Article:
Monday, September 26, 2005

Another Successful Test For Space Elevator

Last week, Liftport made another successful climber test, this time the ribbon was 1,000 feet long. Now that this test was successful, Liftport is confident that a one mile climb is within reach. But why is this exciting when the final cable will have to be 62,000 miles long?

The idea of the space elevator began as science fiction more than a hundred years ago. Although still impossible with today's technology, several groups are working on the idea and it becomes less impossible with each test. This is what makes it exciting: it's humans at their most noble, trying to do the impossible. The best part is that step by step, they are succeeding.

I am hopeful that by the end of the next decade, the space elevator may be a reality. However, I don't believe the government should build it. Some have criticized NASA's plan to return to the moon, saying it's more of the same and the money should be spent on something new, such as the space elevator. That kind of thinking is misguided.

First of all, the space elevator is currently impossible to build. Just because it is expected that we will be able to build one before 2020, doesn't mean that we will. Having NASA focus on the problem may result in success but it could just as easily end as a colossal failure with massive cost overruns. The new plan uses what works, learning from the lessons of the past.

Secondly, I believe that government should only lead the way in exploration and not dominate already covered ground. The space elevator is just a better way of getting to space at a lower cost, the perfect project for business, while achieving lower costs is something government is terrible at.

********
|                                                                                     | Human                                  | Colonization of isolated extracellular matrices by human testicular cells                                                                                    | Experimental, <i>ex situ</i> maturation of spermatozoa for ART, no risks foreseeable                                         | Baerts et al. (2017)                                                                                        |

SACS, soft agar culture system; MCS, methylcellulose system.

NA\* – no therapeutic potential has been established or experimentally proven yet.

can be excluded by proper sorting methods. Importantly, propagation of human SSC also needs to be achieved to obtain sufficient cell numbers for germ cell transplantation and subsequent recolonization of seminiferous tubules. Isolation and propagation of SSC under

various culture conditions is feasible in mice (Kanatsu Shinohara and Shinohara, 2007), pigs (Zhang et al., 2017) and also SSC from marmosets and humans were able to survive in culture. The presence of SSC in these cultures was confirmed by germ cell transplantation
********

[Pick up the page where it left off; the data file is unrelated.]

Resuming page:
Working towards developing a moon base, however, is territory best suited to government. There are so many unknowns that it is unlikely that private industry would be able to risk any venture there. By leading the way, NASA eliminates many of those unknowns and provides a benchmark for private industry to use when developing business plans for lunar colonization.

I hope that some company will build a resort on the moon during the 2020's to be followed by some form of mining operation but the financing won't be there unless there is a real world example of what it takes to maintain a presence on the moon. While this colonization will be more likely if there is a functioning space elevator, if that elevator is an expensive government boondoggle the entire enterprise could be rendered non-viable. Massive failures generally dissuade people from trying again.

However, if it is a profitably run private space elevator then the potential for space exploration is tremendous, which is why I support the folks at Liftport and want to see them continue to dare greatly in the face of the impossible. There's still lots to do but they are off to a good start.


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